Notes on a Scandal by Zoë Heller

scandalI saw the movie version of this novel a couple of years ago but all I remembered was that I liked it, but couldn’t really recall the story. But when I started reading the book, the images of the film and the details of the plot suddenly resurfaced in my mind, so I almost felt as if I was reading the novel for the second time. And I was glad I remembered a lot of details because this way I knew what was going to happen and I could focus my attention elsewhere: mainly on the mindset of Barbara, the story’s frightful and obsessively clinging narrator. (The post contains minor spoilers.)

Barbara, a strict, lonely, 60-something woman teaches at a London high-school. At the beginning of the new term, a new teacher arrives: Sheba, a beautiful, inexperienced, idealistic woman in her forties. Barbara immediately aims her attention at Sheba and starts to daydream that one day they two will surely make friends. Sheba, however, first becomes friends with another colleague, and then she strikes up a seemingly crazy kind of relationship with one of her students, so she ignores Barbara for a long time. They do become friends later, though, and the day comes when Sheba chooses to confide in Barbara and tell her the details of her affair with her student. Of course, she has no idea how dependent and defenceless this revelation makes her – and she never dreams that Barbara might choose to abuse her trust.

The scandal mentioned in the title, of course, refers to Sheba’s love affair with a minor, but the novel isn’t only about the illicit relationship blooming between the 40-something teacher and her 15-year-old student. In fact, we get hardly any (reliable) information about the exact details of this scandal, due to the fact that the story is narrated by Barbara, who tells the story on the basis of her countless conversations with Sheba. But Barbara is a less-than-reliable narrator, and her priorities are presumably totally different from those of Sheba – so it’s pretty obvious that she modifies both the facts and the emotional side of the affair to suit her interests better.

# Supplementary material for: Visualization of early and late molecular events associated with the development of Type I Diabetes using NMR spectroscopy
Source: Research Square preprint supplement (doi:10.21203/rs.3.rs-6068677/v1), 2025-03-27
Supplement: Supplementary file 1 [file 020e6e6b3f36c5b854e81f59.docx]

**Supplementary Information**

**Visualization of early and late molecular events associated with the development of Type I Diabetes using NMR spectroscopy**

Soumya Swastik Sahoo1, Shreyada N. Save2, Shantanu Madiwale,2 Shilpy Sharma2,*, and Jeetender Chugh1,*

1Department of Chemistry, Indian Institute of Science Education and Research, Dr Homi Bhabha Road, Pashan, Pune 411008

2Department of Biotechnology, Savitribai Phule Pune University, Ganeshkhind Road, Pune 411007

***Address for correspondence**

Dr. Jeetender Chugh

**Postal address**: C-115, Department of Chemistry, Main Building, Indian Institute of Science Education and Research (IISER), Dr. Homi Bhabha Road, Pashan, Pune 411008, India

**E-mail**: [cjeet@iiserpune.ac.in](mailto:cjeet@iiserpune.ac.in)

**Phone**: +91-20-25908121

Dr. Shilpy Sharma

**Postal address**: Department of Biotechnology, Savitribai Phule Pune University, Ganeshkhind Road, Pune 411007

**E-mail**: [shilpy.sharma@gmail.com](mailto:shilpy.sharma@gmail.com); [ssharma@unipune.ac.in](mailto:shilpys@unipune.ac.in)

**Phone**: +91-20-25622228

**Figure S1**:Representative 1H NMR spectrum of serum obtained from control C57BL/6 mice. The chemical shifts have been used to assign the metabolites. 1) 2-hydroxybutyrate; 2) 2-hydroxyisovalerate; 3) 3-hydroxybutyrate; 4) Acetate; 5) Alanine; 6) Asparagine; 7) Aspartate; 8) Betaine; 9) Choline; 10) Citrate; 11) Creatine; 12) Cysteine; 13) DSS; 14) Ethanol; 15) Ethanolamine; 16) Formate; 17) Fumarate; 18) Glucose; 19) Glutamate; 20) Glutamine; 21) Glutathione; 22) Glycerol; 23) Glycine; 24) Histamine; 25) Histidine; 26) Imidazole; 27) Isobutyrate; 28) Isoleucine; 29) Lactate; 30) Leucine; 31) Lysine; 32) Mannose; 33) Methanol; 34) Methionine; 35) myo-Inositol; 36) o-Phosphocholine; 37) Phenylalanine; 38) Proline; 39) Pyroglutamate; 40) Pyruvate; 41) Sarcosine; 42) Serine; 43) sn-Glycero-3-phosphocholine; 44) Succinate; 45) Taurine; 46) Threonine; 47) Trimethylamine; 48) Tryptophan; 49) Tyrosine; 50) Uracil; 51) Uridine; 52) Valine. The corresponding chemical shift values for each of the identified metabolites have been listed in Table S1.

And since it’s impossible to learn the truth (or, more accurately: Sheba’s version of the truth), and since Barbara is prone to twisting the facts, I chose to concentrate on Barbara now, instead of Sheba. Barbara is a frightening and ominous character, comparable to the main characters of Stephen King’s Misery or Jenn Ashworth’s A Kind of Intimacy: she seems innocent and harmless at first, but then it turns that there’s something sick and dangerous in her mind, and that her loneliness may make her behavior unpredictable and truly nasty.

Barbara is so unbearably, hellishly lonely that she reacts to the first sign which seems to indicate that someone may help her break out of her personal hell, and then it becomes impossible for her to stop bothering that person. Instead, she concentrates all her efforts to form a two-person alliance against the whole world, an alliance which is stronger than the strongest of marriages or friendships. Besides this, Barbara is deceitful, manipulative and inscrutable, and once she finds her victim, there’s no way for that person to escape from her tyrannic love and caring.

What I find the most scary in Barbara’s character is that it’s impossible to know what exactly she does. Barbara is an expert in selecting and withholding information, and she only talks about what she considers proper and acceptable, so for a long time we can only guess from a couple of strange but not immediately striking details that all is not well with her: for instance, a former friend of Barbara is mentioned once in passing who abruptly put an end to her friendship with Barbara for no apparent reason. And then it also makes you think for a moment when Barbara mentions one of her former workplaces which she left because she didn’t get on well with the colleagues. Somewhat strange, but okay. But as you are getting near the end of the story, it doesn’t seem strange anymore that people are driven away from Barbara and try to avoid her company if possible.

The story is, by the way, characterized by a frightfully suffocating sexual tension: this tension is present both in the relationship of Sheba and her student, which is, perhaps naturally, based almost entirely on sex, and in Barbara’s and Sheba’s relationship as well. For instance, there’s az episode in the novel where Barbara tries to calm Sheba down: she asks Sheba to close her eyes and then she starts to stroke and caress the inner side of Sheba’s arm. Barbara claims that there’s nothing sexual in this – but I don’t believe her, and Sheba doesn’t believe her, either.

Besides the creepy narrator and the all-permeating tension, there’s a lot more in the novel: family dramas; conflicts between characters coming from different social backgrounds; a frightful and saddening depiction of loneliness and manic behavior; and a whole lot of highly critical comments on the morals of present-day society which claims that it’s a question of instincts if a 40-something man engages in an affair with a woman more than 20 years his junior and doesn’t make too big a fuss about it, but considers it a filthy aberration if a 40-something woman does the same with a boy – but I won’t go into all these topics. Instead, I just recommend the novel to you.